Margaret Irene Pipkin, (nee Jackson)
1909 - 2010
By Rosemary Ravenscroft
Born at Morley Ponds Cottages, Wareside, Margaret went to school in Wareside and then to the original St. Mary’s School in Ware. I believe she came to live in Ware when she was about 10 and her Father was the live-in park-keeper at the Priory for some years. He was apparently very strict and would often clip “naughty boys” round the ear for treading on the grass etc. He grew grapes in the conservatory(that used to be at the back of the Priory) which were still growing there until the new conservatory was built.
Margaret was known to most people as Rene and as far as she was concerned the Priory was never the same after her father stopped looking after it. Their accommodation I believe was at the front of the building upstairs on the right hand side. She then lived with her parents in Presdales Drive until she married Alf Pipkin.
Alf was a very nice inoffensive man and was a talented cabinet maker, he worked for Hitches for part of his working life and trained apprentices. He enjoyed football and I seem to remember being told he played for Ware Town until his marriage or until his son was born. They bought their house in Milton Road when they got married and lived there for the rest of their lives. When Rene died she had been living in the same house for about 75 years. Alf died in 1989. She often used to tell me of the changes she had seen in Milton Road.
Rene started work at 14 making tea and learning the trade of haberdashery and although she started as a general shop assistant she rose to running the curtaining and haberdashery department in Ingles and Harradences. Even in her later years she could be found during the afternoons at her sewing machine either making curtains for people of making peg bags and aprons to be sold in Hart’s of Hertford which has only recently closed.
Rene also made things to be sold at her sister’s church to raise funds. She was a very strong character and enjoyed a good debate, was never frightened to air her views and didn’t deviate from them.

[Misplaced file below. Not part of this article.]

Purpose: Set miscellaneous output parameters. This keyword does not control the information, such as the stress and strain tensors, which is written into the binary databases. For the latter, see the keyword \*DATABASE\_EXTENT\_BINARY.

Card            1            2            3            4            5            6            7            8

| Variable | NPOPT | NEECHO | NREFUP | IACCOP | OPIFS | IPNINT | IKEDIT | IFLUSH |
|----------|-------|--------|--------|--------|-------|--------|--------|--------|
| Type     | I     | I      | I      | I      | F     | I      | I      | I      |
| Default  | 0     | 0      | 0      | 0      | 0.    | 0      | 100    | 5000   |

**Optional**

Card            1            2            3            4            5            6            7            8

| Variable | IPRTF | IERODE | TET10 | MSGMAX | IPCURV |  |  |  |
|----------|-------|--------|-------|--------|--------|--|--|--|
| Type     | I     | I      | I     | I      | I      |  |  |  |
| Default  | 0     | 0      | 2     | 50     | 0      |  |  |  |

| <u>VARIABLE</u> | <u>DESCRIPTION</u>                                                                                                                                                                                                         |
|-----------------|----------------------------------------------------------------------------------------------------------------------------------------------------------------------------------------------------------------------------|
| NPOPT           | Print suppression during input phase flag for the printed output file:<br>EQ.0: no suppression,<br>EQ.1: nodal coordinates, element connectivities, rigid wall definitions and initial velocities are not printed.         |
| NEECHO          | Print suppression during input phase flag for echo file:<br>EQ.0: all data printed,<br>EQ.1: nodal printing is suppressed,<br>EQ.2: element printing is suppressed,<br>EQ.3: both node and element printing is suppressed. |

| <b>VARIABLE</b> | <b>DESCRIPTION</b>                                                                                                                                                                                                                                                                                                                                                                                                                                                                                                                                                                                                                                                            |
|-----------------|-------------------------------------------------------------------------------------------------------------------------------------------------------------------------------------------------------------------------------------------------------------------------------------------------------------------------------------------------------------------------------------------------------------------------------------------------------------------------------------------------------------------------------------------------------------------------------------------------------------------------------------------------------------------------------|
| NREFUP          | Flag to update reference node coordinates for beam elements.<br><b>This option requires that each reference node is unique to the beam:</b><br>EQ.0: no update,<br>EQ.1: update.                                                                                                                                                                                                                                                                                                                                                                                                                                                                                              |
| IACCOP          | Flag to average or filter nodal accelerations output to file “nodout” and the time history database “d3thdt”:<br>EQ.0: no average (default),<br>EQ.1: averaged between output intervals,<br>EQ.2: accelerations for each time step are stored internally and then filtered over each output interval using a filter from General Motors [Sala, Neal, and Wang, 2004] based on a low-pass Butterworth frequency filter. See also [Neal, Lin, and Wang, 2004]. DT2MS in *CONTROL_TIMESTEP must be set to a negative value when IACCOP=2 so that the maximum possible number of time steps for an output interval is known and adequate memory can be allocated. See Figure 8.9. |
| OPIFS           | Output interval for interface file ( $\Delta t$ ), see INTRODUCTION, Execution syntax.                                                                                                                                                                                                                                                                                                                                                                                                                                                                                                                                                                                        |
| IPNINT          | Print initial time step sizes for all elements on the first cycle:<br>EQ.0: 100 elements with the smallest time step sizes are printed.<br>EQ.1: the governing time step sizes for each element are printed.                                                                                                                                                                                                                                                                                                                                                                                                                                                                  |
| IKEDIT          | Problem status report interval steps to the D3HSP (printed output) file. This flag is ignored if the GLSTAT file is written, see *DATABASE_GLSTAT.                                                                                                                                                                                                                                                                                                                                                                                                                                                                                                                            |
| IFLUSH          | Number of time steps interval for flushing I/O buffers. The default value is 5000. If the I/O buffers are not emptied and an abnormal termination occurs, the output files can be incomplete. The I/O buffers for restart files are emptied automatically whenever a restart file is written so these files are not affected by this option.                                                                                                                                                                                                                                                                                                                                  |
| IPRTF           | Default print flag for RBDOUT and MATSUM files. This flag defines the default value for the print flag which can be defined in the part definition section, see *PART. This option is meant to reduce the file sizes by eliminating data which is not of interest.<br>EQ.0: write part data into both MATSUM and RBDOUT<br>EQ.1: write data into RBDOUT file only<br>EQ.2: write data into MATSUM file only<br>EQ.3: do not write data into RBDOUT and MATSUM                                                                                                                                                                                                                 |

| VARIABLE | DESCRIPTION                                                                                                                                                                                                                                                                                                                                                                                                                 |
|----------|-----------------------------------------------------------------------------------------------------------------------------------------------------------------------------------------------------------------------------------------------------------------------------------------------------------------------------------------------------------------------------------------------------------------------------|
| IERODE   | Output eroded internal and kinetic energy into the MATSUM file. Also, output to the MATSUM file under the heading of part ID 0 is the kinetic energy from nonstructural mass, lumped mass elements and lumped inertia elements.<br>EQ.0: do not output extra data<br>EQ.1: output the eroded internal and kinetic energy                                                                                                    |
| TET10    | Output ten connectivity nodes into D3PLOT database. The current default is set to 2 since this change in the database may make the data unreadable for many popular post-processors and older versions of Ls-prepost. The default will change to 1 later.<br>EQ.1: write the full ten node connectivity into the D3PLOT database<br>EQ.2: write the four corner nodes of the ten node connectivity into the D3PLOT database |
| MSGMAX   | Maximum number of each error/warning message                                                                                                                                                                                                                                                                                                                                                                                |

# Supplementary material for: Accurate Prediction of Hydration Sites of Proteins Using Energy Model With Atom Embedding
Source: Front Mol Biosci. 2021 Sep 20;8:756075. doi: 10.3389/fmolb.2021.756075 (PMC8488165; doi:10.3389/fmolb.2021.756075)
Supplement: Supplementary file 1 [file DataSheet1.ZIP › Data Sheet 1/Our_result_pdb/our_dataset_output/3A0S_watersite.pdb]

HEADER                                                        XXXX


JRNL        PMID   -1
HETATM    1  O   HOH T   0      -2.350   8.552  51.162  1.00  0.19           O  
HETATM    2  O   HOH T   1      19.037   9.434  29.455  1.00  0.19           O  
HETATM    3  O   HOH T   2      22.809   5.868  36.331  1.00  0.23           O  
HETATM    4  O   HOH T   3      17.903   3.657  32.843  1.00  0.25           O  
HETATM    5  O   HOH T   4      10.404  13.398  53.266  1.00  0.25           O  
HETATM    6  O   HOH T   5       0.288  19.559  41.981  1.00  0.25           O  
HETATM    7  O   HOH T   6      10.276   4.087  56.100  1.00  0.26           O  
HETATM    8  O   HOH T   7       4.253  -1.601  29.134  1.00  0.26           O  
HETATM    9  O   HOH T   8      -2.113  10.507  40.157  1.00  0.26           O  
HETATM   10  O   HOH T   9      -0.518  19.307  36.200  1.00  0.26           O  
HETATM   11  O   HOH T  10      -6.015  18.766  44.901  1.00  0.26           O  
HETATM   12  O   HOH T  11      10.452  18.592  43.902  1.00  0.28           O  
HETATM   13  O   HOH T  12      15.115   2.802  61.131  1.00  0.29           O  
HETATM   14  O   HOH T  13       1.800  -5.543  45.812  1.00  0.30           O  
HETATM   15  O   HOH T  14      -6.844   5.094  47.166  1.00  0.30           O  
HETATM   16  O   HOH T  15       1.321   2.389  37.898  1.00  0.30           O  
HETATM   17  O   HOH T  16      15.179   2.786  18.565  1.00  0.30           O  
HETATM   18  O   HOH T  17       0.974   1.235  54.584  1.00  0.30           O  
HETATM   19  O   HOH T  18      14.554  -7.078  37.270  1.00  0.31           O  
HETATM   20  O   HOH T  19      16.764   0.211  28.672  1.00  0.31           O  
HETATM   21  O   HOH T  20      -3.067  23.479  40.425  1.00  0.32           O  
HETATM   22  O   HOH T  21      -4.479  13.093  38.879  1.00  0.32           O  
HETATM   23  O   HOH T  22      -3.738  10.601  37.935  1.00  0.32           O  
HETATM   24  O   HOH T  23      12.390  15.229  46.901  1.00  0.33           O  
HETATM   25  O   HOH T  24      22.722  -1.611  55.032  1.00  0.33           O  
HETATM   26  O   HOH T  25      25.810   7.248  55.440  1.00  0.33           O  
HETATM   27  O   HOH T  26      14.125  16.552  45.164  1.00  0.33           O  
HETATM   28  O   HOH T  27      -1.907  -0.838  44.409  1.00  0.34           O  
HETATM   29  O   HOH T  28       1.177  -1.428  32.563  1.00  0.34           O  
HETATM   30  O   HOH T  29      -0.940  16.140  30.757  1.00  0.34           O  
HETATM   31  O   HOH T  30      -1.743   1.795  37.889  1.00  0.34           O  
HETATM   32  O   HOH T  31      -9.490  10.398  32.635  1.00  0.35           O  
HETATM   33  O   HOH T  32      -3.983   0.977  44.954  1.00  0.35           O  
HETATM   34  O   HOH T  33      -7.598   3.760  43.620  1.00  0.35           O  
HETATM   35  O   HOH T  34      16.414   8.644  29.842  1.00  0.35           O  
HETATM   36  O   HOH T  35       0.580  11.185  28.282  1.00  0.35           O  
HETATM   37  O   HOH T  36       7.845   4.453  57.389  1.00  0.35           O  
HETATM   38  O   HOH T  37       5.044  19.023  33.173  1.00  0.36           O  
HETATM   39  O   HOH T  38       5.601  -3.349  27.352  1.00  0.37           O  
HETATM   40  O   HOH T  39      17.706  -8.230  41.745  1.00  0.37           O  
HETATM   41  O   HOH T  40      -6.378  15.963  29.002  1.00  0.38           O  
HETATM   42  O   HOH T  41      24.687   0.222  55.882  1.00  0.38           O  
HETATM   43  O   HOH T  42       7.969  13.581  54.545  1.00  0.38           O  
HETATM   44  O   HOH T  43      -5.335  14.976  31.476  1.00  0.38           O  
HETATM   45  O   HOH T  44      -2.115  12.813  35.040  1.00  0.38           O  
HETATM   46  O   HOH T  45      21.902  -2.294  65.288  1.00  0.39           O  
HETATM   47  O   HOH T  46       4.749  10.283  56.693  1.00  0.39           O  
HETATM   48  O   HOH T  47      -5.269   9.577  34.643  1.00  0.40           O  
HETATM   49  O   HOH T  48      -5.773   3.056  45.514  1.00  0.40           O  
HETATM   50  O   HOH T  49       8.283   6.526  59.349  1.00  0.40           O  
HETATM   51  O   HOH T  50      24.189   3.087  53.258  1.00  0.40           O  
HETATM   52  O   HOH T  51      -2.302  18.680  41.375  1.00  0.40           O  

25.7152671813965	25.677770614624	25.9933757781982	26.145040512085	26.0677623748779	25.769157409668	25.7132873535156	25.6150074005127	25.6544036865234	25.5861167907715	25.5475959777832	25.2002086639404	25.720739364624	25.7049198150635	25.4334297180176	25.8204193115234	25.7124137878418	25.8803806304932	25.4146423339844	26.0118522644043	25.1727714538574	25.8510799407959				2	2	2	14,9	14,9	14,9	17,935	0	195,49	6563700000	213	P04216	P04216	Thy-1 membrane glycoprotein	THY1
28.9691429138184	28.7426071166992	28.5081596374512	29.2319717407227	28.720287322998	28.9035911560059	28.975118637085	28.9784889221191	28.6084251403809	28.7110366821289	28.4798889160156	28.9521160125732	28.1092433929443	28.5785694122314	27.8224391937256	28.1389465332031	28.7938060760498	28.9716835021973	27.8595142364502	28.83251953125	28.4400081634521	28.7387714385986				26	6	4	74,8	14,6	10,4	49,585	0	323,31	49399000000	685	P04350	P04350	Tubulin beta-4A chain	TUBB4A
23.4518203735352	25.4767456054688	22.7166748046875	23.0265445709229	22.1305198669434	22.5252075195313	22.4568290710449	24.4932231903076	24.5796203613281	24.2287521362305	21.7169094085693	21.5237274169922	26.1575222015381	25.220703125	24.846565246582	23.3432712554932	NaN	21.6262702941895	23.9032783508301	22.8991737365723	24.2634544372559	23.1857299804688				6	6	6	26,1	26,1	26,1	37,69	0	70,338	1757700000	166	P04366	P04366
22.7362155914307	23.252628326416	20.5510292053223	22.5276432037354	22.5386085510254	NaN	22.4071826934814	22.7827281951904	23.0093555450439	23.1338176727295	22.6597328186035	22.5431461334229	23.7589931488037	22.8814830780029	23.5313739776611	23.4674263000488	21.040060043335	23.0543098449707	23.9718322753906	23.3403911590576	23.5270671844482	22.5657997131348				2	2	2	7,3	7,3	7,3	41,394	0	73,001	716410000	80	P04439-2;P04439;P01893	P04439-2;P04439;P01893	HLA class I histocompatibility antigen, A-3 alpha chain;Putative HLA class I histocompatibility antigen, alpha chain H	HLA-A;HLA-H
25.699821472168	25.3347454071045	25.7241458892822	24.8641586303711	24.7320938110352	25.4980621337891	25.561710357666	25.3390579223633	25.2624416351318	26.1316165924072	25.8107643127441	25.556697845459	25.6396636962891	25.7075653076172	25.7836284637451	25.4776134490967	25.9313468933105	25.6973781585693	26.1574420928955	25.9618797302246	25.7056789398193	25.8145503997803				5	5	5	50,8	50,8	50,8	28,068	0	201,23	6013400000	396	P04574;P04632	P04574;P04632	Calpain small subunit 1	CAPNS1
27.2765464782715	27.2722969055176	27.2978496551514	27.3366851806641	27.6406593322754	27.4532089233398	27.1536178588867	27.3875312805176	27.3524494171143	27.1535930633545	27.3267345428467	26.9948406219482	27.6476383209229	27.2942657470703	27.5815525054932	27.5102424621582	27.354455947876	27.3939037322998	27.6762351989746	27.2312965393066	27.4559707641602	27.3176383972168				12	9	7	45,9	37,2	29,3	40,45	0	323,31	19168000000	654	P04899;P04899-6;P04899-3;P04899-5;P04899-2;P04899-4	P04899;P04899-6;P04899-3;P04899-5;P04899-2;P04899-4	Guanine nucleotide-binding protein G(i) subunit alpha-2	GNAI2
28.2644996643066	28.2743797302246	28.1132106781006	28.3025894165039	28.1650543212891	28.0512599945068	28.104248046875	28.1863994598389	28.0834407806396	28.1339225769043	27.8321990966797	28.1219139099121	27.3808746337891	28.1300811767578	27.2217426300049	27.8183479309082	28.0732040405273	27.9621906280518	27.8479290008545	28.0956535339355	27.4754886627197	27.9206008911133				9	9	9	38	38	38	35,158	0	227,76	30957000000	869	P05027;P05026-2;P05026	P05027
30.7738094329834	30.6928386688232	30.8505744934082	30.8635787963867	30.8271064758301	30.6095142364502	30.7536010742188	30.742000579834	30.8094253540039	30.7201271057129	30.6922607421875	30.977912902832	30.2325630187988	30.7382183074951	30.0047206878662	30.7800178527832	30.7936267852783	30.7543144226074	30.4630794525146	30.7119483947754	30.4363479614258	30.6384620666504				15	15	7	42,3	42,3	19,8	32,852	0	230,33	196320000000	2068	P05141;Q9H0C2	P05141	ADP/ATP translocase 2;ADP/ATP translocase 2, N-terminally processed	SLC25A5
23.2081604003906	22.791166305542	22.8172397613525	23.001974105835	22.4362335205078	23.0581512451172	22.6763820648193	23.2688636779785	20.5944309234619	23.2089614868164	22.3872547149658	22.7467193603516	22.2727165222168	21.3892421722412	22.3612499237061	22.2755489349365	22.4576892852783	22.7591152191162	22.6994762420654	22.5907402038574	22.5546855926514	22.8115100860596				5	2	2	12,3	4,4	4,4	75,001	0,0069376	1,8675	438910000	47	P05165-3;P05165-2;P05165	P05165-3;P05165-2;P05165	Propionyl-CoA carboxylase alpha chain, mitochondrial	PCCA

She would often write to MP’s about various grievances and was very proud of the amount of letters she received back from the House of Commons.
She had three parties at the Priory for her friends and neighbours that helped her on her 90th,95th and 100th birthdays. The Mayor came and presented her with flowers on her 100th.
Rene still had a few friends that she knew from schooldays amazingly and kept in touch with many aquaintances by post or telephone.
She spent the last few months of her life in Hillview Nursing home with the intention of returning one day to her beloved Milton Road house – unfortunately this was not to be and she died in hospital after a short illness.
Rene used to tell me about dances that she had been to at the Drill Hall when she was young and tea parties at church, although not a churchgoer herself. She had kept many momentoes and had lots of albums full of old programmes from various local events. She had two lovely watercolours of the Priory painted before the war when there was still a canon outside the front entrance. One of her grandsons told me he would donate them to the Priory when she died.
Rene would often tell me how, when she first moved to Milton Road, the cows would wander down from the cow fields at the top of what is now Kingshill and occasionally come through Big Horse Lane which used to run at the bottom of our gardens. This land was eventually taken into the gardens of Milton Road but Mrs Pipkin always referred to this area of her garden as the lane and left it just as it always had been.
Alf and Rene took in a couple of Irish evacuees during the war.
They had one son, Denis, who was in the services and he eventually married and lived in Glasgow. Denis and his wife Irene had 2 sons and sometimes would come and stay with her for a week. Rene also had 3 or 4 great grandchildren. She flew to Scotland to stay with them sometimes for a holiday and I belive she was in her eighties when she had a hip repllcement there. The last time she flew to Scotland I think she was about 95.
Unfortunately both her son and her daughter-in-law had terminal cancer and her daughter-in-law died 3 weeks before she did. Her son and his two sons were coming to arrange Mrs Pipkin’s funeral after she died but tragically her son died on the morning they were due to come. Her grandsons came and arranged Irene’s cremation in Stevenage. A seat in memory of her stands in the grounds at the back of the Priory.